For Mr Jex, a typical grassweed control programme has four modes of action in autumn and an ALS in spring. “The post-em is important, because no matter how good your pre-em programme, there are still some weeds in spring. For brome control, I go for pyroxsulam, and Pacifica Plus against black-grass.

“On most farms, Pacifica Plus and similar products are still working; plus it takes out wild oats and cleavers, although I think control has started to slip a little recently. Unfortunately, there are no other modes of action in spring which makes things challenging – but we have to do our best to retain efficacy and protect what we’ve still got.

“Timing is very important; anything beyond the 2–3 tiller stage and it won’t work, ideally smaller. But the balance is tricky, you need good enough growing conditions for the herbicide to work but not so the weed has already got too big. Added to that you can go early and get caught by wintry weather in March, but overall spraying early is the right approach.”

Spring germination is another complication for grassweed control. “We’ve always had lots of spring crops in this region, which has probably helped overall, but it means we get more of a split autumn/spring germination, so I aim to get protection from herbicides for as long as possible.”

Reduce seed return

A good benchmark for effective weed control is fewer seeds in the seedbank at the end of the season than at the start. Typically, 95% or more overall control from cultural and chemical controls is needed to hit this target. In wheat, the heavy lifting is done in autumn with delayed drilling or perhaps ploughing followed by the pre-em but there are always some survivors.

“Come spring, there are three options to reduce seed return: a post-em in early spring or hand-rogueing and patch spraying later on,” says Bayer’s Matt Siggs. “Time, cost and availability of labour mean that rogueing isn’t as attractive as a few years ago so is mainly for light infestations and of course patch spraying has a big impact on yield – it kills the crop. Hence in most situations, a spring post-em is the go-to option to reduce seed return.”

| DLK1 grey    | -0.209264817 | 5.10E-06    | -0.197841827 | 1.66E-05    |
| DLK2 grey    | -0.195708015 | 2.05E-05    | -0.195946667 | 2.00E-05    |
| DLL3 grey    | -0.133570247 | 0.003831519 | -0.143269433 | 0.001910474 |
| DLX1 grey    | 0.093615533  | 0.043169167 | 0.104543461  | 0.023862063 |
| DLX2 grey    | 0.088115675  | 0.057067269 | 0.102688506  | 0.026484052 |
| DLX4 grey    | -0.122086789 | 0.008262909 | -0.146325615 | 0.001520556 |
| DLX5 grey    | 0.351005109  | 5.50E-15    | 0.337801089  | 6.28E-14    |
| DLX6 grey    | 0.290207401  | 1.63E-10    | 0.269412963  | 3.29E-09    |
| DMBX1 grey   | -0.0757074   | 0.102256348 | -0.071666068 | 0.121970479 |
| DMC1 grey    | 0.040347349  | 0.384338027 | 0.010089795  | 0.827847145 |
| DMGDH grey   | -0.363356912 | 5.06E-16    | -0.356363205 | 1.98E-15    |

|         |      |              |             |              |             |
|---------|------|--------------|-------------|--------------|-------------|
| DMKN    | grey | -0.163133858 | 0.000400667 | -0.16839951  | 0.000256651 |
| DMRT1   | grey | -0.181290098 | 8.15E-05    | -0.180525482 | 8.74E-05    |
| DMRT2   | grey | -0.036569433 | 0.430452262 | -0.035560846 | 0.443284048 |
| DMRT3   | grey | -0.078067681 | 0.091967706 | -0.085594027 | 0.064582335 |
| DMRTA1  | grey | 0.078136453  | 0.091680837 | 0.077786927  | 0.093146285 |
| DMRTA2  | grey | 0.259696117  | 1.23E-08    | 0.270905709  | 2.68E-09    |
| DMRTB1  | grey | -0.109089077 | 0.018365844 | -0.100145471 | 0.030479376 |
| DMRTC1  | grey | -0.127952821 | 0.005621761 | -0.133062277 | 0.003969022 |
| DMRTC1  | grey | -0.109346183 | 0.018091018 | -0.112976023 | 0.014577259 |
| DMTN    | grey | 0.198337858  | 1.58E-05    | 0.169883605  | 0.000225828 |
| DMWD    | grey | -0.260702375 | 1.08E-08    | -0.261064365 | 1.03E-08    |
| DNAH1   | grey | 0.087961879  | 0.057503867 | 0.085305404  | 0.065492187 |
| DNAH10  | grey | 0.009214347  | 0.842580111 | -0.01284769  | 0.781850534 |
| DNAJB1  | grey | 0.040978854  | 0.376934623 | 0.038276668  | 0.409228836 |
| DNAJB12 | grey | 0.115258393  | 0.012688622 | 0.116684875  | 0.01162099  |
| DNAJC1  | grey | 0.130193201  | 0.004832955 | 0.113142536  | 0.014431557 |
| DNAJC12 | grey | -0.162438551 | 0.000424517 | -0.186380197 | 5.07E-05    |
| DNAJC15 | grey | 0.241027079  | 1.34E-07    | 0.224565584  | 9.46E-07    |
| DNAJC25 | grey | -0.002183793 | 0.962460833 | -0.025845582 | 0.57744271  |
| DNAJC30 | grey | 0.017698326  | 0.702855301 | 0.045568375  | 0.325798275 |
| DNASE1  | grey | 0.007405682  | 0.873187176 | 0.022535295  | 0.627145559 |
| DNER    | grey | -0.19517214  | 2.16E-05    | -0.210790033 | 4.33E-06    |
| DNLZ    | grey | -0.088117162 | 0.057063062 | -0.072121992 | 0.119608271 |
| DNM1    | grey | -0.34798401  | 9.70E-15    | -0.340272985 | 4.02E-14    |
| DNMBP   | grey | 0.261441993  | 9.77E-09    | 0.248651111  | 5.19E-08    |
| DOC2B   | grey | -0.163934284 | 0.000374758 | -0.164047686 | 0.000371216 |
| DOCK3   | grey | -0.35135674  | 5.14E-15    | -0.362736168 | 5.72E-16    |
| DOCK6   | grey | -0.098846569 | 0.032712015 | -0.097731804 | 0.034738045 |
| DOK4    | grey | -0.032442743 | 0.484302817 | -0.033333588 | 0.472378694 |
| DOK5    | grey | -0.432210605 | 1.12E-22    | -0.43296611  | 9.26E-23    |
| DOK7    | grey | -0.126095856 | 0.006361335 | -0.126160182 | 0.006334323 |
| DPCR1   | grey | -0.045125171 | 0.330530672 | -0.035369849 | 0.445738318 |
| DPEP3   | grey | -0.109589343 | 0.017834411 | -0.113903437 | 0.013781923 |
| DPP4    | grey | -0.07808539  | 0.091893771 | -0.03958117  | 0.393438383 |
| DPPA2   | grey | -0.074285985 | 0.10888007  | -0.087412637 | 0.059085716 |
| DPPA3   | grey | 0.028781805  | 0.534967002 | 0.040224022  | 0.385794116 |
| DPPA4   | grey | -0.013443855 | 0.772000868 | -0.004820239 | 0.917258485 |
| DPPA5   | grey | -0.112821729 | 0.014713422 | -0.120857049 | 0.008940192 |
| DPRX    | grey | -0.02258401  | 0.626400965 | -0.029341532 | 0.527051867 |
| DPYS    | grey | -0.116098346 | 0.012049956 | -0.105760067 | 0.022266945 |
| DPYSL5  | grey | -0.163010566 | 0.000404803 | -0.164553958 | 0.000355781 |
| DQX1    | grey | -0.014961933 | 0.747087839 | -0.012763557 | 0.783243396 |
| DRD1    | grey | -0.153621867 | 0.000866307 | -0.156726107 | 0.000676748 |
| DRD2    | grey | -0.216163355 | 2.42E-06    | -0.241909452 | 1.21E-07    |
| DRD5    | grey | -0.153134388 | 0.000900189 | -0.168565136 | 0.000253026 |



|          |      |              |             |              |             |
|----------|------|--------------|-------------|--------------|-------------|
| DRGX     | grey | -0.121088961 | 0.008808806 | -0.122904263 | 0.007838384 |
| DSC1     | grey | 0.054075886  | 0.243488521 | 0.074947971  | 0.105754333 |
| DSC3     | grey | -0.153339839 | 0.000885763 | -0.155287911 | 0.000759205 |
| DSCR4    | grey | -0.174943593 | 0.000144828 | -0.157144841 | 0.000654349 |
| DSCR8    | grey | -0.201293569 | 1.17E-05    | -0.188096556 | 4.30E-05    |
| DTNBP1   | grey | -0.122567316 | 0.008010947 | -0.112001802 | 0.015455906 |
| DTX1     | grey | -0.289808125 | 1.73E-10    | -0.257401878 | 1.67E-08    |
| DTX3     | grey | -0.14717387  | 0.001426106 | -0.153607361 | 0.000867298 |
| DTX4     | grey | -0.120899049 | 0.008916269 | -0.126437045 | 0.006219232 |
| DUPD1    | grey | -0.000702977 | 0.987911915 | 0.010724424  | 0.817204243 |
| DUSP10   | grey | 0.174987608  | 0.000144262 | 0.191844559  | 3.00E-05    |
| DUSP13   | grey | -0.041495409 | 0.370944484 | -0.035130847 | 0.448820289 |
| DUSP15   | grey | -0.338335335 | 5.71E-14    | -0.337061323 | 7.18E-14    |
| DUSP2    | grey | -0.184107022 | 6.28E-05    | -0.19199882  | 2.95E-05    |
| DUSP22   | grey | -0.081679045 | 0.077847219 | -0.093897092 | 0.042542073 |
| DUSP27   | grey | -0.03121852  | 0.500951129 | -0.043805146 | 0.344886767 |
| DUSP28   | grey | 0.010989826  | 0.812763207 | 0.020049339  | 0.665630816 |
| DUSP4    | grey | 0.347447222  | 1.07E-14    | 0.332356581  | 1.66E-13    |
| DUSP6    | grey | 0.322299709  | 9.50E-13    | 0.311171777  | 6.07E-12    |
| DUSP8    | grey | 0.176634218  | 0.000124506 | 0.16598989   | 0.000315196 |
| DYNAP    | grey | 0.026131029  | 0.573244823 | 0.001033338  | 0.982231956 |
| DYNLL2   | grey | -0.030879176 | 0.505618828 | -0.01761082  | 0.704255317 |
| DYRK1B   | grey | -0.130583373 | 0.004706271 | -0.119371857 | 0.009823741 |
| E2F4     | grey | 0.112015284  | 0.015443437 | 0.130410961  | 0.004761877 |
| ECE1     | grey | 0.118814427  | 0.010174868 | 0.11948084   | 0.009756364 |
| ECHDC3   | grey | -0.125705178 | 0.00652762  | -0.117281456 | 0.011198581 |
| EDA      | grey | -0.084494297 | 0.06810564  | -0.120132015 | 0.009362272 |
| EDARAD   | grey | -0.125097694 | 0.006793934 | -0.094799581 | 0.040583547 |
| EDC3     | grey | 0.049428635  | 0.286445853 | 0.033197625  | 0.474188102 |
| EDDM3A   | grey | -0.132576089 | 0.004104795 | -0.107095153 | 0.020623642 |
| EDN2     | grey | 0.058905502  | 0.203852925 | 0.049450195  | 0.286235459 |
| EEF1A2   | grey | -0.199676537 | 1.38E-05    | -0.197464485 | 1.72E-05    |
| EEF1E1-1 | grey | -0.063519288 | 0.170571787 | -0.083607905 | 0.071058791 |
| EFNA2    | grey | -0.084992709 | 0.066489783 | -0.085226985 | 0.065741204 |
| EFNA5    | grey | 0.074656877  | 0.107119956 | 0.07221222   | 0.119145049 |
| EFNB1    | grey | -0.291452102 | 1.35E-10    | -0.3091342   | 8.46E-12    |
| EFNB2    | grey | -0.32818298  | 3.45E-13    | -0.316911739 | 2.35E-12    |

In Bayer trials in 2023, applications of Atlantis Star showed a sustained improvement in ryegrass control of 11% compared to a pre-em only programme. This equated to 21 fewer ryegrass plants per m2. Assuming each plant produces 1,000 seeds this means 2,100 fewer seeds per m2 that can potentially germinate in subsequent crops.

Against black-grass, there was a much smaller improvement in control from the post-em, mainly due to very good pre-em performance in the trials. Used as the only herbicide in the programme to simulate a missed residual program in the autumn and firefighting in the spring, Atlantis Star still delivered 40% control.

“In last season’s trials there was very good control from pre-ems, but there was still a benefit to using a post-em on top. Control varies due to resistance and application conditions. But the general pattern is that it controls half of what’s left of the black-grass and ryegrass, cutting seed return in half. Plus, many broad-leaf weeds and wild oats are controlled at the same time,” concludes Mr Siggs.